Just a third of social housing units planned to be built this year by the Department of Housing have been completed, according to latest construction statistics up to October.
Directly built social housing projects are running well behind the planned timeline, with only 809 new houses built in the first nine months, from a target of 2,054 for the year.
In the last two years, 1,460 social homes have been built by local authorities and approved housing bodies. In 2016, 651 new social housing units were finished, far short of the State’s target of 1,500.
Four local authorities – Offaly, Laois, Leitrim and Wicklow – have not delivered any completed social housing homes in the last two years.
The final three months will be “the heaviest quarter for delivery this year” a department spokesman said. The second half of this year saw a “significant ramping-up of the social housing building programme”.
Sinn Féin housing spokesman Eoin Ó Broin said the pace of developing social housing was “glacial”.
Mr Ó Broin said the delivery of projects was “happening at a snail’s pace” and said it was clear the Government would not meet “even these modest targets” for the year.
There are 772 social housing projects currently in the Government’s “Rebuilding Ireland” construction plan. In total the projects would deliver 12,293 social housing units, but only 12 per cent of units have been completed to date.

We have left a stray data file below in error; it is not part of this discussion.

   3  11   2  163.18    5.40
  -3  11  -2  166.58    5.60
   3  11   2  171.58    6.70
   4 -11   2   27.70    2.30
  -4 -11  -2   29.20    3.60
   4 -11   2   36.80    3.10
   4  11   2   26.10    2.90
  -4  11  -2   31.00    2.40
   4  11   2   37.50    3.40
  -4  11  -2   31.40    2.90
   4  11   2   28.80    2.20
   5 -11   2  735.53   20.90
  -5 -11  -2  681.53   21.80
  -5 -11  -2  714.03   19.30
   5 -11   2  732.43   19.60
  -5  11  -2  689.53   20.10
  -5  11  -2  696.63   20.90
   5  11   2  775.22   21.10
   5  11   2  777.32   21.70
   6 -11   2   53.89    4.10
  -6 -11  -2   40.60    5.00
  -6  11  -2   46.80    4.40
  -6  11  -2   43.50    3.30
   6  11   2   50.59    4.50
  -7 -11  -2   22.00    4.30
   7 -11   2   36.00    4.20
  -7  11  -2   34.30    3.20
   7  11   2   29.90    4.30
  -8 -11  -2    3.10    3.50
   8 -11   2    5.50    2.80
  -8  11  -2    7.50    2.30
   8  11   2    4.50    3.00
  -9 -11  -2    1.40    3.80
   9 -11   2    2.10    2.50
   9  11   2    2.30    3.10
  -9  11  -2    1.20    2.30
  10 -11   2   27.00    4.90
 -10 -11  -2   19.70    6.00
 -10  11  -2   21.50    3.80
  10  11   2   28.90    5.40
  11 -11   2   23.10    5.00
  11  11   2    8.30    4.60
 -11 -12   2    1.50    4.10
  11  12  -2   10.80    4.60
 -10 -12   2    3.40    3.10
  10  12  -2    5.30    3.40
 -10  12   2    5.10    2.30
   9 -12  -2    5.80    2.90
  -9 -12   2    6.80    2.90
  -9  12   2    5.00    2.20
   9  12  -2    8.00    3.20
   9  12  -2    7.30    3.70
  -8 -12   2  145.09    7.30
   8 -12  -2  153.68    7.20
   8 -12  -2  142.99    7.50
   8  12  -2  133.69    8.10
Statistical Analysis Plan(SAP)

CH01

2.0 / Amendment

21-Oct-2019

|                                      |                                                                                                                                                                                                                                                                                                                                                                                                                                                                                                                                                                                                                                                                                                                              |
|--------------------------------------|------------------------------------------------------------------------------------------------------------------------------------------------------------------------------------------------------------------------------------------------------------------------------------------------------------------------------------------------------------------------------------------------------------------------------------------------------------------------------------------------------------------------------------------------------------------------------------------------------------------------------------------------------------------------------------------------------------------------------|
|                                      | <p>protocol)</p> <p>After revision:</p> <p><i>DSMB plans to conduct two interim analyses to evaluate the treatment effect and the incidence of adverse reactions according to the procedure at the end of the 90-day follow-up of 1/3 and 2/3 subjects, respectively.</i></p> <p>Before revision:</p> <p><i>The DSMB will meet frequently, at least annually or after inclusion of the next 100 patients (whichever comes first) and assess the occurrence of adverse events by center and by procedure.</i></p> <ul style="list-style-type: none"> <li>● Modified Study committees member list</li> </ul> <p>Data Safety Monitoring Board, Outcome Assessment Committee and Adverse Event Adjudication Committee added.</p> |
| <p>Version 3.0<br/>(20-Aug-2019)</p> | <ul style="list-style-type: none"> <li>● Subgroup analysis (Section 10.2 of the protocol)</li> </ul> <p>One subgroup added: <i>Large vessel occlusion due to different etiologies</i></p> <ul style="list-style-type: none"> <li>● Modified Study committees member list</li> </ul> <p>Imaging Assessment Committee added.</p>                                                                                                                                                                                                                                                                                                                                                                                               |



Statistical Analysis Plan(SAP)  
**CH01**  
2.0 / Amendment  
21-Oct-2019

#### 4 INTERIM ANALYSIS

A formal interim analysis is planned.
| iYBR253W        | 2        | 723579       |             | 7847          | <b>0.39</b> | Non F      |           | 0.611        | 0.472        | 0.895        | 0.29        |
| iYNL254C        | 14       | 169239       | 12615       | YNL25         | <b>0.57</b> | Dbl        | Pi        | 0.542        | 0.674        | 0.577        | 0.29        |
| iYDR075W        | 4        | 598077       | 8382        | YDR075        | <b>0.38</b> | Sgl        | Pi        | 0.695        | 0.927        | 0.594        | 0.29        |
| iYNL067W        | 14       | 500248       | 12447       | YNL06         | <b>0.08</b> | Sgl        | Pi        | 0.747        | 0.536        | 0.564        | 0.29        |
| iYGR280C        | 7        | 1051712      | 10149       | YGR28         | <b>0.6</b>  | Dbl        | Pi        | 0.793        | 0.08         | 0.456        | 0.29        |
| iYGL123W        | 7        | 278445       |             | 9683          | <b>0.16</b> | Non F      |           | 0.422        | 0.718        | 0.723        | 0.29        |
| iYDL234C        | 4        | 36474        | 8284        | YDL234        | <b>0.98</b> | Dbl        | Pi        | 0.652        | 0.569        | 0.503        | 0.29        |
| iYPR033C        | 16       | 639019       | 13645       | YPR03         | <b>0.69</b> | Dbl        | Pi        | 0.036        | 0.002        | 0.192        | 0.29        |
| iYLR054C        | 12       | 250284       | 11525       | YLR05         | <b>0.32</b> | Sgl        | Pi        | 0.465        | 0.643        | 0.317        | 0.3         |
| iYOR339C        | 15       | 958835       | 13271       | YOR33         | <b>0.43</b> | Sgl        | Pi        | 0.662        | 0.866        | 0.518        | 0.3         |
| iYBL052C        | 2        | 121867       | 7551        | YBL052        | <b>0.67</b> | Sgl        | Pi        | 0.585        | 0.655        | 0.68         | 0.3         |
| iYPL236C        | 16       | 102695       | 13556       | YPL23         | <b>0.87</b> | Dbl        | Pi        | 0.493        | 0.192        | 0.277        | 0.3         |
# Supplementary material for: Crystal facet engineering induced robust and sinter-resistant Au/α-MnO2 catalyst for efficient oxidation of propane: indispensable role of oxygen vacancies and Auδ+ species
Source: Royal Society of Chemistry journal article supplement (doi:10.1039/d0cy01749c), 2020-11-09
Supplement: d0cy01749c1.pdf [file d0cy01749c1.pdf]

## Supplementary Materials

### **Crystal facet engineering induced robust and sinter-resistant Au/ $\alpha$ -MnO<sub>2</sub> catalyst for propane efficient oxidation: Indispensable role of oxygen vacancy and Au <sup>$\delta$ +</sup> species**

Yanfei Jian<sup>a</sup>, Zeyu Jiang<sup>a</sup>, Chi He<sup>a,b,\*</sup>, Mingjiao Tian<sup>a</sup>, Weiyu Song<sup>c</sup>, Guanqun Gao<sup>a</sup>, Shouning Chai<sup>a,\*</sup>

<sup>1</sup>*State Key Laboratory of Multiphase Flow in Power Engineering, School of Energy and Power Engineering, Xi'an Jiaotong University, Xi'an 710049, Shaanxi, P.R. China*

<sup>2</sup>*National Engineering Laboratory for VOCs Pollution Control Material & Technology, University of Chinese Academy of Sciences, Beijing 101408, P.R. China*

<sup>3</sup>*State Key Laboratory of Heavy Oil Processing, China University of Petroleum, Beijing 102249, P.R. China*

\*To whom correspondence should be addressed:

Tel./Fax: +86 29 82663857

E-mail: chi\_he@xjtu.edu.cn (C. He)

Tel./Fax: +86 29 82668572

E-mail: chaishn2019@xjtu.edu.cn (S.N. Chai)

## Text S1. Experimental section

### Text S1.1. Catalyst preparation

Nearly 60 per cent (7,173) of the planned units are not yet at construction stage, and a quarter (2,955) do not have planning permission.
So far this year, 198 social housing houses or apartments have been built in Dublin City Council’s area. The units were delivered by the local authority directly, and approved housing bodies like Clúid Housing and the Peter McVerry Trust.
In Dún Laoghaire-Rathdown County Council, just 10 social houses were finished this year, and in Fingal County Council 90 units were completed.
Seven local authorities have not built any social housing projects this year: Clare, Cork City, Laois, Leitrim, Offaly, Sligo, and Wicklow.
The construction figures do not count “Part V” social housing that private developments are required to provide to local authorities.
The Department of Housing has promised to provide 26,000 new social housing units by the end of 2021. These figures will include newly built properties and vacant local authority housing refurbished under a State “voids” scheme, which has funded 8,000 voids since 2014.
However, the majority of voids refurbished under the State scheme or by councils themselves in the four Dublin local authorities last year were classed as “short-term” voids, vacant for less than six months.
Out of 2,232 voids refurbished by Dublin local authorities to date since 2016, just 448 were long-term vacant units. Housing experts and opposition TDs have claimed the inclusion of short-term void refurbishments in the department’s new housing supply targets is manipulating the figures.
There are 99,555 individuals currently on social housing waiting lists, according to the most recent statistics.